The Case for Just Giving Money to People, Part Infinity

In a few weeks, tens of thousands of students will graduate from college or university, and attempt to make their way in the economy. During better times, these former students would find jobs, rent apartments, and almost immediately begin to pump money into the economy. But—three years after the nadir of the economic crisis—the job market for young people is still terrible, and many have opted to live with their parents in order to save money. This, you can probably imagine, has only made the economy worse. Here’s The Washington Post:

More than one in five adults between ages 25 and 34 live with their parents or in other “multi-generational” living arrangements, the highest level since the 1950s, according to the Pew Research Center.

Analysts estimate that there are more than 2 million fewer occupied homes than there would have been had Americans continued moving into new homes and apartments at the rate they did before the recession. Not only are young people returning to the nest in numbers not seen in generations, but also the weak job market and increased border enforcement have caused a marked decline in immigration, hobbling another major source of new households.

Another thing to add to the pot of problems facing college graduates is the burden of student loans. When you owe hundreds of dollars to the bank every month, living with your parents—and saving even more money on rent—makes perfect sense, even if you have a job. To a certain extent, the whole reason I was able to take a low paying job out of college, and spend a lot of time writing was because I graduated without student loans. Paying back hundreds of dollars would have robbed me of valuable flexibility, and limited my opportunities.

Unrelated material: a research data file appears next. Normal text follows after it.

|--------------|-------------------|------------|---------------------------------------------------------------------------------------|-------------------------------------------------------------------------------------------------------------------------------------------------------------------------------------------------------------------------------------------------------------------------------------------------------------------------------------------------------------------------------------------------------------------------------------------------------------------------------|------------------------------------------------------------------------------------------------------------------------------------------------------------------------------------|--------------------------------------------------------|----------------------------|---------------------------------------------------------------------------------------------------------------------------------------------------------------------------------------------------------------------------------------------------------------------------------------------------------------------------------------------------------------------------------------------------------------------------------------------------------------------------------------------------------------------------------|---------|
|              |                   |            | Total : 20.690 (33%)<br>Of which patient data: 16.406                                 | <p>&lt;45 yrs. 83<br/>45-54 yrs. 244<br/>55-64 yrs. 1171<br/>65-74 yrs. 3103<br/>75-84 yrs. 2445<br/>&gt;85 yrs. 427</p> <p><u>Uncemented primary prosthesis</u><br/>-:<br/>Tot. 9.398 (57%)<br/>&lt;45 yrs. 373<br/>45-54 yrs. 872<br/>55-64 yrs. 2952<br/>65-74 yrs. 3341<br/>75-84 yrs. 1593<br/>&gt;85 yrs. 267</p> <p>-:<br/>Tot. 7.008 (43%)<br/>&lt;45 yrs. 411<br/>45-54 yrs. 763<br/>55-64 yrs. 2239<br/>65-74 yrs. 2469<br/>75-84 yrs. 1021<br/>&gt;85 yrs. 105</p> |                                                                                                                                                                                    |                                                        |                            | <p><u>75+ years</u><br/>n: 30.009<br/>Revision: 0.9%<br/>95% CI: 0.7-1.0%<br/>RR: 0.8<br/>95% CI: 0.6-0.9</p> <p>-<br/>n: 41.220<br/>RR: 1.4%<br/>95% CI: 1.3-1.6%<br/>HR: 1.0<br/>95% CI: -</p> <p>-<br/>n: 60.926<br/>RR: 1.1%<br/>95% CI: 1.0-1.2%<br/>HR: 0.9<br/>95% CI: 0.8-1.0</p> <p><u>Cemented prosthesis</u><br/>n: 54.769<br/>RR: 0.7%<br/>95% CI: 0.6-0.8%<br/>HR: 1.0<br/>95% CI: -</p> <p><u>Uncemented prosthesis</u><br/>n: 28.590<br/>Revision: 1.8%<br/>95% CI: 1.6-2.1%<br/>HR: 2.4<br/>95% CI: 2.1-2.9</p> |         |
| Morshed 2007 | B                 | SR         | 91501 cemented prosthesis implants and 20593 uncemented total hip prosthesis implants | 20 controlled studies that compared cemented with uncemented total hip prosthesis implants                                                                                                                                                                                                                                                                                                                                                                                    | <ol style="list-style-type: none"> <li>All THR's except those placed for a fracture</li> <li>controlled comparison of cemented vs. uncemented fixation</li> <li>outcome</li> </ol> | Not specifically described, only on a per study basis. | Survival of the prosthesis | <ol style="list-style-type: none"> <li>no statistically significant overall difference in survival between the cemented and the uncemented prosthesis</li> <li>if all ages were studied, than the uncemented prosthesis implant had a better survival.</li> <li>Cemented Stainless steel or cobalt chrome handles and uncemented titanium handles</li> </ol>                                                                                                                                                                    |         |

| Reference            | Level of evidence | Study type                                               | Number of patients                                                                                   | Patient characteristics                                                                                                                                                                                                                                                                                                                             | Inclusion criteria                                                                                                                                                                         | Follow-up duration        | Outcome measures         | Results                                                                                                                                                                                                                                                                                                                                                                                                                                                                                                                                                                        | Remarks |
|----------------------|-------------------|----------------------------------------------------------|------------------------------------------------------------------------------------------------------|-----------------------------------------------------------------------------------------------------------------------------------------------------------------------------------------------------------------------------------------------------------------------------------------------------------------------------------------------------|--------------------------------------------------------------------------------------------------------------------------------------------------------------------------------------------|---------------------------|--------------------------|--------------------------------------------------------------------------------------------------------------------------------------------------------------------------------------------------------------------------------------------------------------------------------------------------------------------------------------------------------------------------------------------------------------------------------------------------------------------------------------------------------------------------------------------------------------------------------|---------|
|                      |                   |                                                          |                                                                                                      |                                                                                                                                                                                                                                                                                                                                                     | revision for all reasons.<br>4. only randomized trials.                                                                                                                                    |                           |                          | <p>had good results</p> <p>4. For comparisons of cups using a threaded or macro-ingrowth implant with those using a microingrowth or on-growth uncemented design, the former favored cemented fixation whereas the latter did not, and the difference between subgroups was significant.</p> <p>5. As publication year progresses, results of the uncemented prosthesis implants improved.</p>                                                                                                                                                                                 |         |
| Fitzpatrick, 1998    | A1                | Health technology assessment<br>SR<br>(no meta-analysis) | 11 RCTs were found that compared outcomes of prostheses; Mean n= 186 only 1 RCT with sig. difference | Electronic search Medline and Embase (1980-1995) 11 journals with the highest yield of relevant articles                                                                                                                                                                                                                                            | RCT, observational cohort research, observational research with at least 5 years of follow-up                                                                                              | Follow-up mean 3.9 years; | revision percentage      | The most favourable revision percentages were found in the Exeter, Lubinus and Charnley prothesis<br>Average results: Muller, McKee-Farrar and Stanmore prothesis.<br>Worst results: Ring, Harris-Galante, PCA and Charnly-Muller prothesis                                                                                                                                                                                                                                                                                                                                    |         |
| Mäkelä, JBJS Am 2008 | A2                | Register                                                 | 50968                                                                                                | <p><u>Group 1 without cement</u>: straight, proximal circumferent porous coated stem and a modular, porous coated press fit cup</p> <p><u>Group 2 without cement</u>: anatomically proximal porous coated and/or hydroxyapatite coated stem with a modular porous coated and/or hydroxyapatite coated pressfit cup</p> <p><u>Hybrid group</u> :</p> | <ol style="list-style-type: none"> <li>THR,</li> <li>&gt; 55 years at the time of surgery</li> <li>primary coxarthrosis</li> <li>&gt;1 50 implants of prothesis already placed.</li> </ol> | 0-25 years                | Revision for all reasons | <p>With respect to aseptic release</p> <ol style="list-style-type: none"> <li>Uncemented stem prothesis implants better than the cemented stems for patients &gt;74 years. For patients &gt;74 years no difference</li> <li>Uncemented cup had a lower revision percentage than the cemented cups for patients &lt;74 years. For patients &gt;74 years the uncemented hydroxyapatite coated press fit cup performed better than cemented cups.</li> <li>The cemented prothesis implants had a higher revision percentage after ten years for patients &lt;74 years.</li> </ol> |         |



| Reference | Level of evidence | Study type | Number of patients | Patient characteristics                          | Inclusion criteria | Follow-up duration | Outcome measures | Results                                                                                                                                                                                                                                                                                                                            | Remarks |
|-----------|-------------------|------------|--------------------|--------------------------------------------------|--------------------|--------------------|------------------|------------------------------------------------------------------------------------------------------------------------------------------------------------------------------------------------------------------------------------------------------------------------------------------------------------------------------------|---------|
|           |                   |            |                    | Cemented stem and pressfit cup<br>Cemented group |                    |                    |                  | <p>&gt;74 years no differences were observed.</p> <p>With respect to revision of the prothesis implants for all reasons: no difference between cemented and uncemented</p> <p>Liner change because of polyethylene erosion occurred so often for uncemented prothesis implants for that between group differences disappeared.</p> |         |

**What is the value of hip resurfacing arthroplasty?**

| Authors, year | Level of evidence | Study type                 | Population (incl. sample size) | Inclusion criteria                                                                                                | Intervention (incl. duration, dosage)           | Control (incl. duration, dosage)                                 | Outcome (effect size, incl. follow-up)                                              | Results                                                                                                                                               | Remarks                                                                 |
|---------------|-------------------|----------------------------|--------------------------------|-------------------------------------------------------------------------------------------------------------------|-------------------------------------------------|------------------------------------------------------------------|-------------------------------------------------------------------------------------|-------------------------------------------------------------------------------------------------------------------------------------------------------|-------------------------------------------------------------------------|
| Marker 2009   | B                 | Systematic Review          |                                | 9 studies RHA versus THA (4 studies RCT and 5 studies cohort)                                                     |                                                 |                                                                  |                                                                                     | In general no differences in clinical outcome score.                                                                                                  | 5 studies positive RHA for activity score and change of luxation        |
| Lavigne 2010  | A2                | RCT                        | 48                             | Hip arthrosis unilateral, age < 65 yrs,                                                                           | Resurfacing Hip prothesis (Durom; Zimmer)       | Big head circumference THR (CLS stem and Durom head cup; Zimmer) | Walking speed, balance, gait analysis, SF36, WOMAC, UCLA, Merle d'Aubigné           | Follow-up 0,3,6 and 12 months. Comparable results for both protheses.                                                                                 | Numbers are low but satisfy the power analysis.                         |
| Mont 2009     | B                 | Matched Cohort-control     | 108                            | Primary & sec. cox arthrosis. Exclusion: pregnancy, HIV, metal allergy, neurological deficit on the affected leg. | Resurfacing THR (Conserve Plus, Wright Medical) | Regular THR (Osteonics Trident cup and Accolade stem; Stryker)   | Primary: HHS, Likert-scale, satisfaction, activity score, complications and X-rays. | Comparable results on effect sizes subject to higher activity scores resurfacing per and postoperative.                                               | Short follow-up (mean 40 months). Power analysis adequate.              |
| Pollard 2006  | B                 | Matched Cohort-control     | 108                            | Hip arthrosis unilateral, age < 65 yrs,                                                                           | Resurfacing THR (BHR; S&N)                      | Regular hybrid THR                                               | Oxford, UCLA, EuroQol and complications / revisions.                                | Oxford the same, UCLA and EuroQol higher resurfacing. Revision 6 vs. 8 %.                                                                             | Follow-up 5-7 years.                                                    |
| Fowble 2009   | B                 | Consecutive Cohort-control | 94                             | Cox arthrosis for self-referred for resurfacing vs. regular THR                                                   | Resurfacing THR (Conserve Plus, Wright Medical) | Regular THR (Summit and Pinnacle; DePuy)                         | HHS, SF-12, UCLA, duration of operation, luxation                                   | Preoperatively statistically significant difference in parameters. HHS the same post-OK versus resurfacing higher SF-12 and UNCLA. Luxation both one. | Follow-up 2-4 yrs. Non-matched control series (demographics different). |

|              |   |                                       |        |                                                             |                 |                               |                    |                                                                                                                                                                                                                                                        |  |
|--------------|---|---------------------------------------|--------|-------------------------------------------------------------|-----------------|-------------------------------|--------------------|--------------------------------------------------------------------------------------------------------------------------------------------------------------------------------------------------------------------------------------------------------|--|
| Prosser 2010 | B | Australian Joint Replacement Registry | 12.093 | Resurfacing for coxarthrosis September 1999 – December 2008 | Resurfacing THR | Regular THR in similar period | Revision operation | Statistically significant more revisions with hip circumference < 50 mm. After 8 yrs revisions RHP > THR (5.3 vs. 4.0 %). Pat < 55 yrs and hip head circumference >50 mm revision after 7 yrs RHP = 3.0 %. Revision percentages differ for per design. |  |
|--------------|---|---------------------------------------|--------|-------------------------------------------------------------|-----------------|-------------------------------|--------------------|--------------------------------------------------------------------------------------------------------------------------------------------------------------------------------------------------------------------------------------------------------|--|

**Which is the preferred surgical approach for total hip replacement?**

The frustrating thing about all of this is that the solutions to this are conceptually easy. You can offer debt relief, you can expand eligibility for welfare, or you can simply give money to people, and allow them to spend it on whatever they like. Some young people might waste a $5,000 check from the government, but the large majority—if not the vast majority—would use it to pay off debt, and gain some measure of independence. It wouldn’t even cost that much, relative to the short and long-term economic cost of idle youth. It’s a no brainer, that has no chance of happening in the current political environment.

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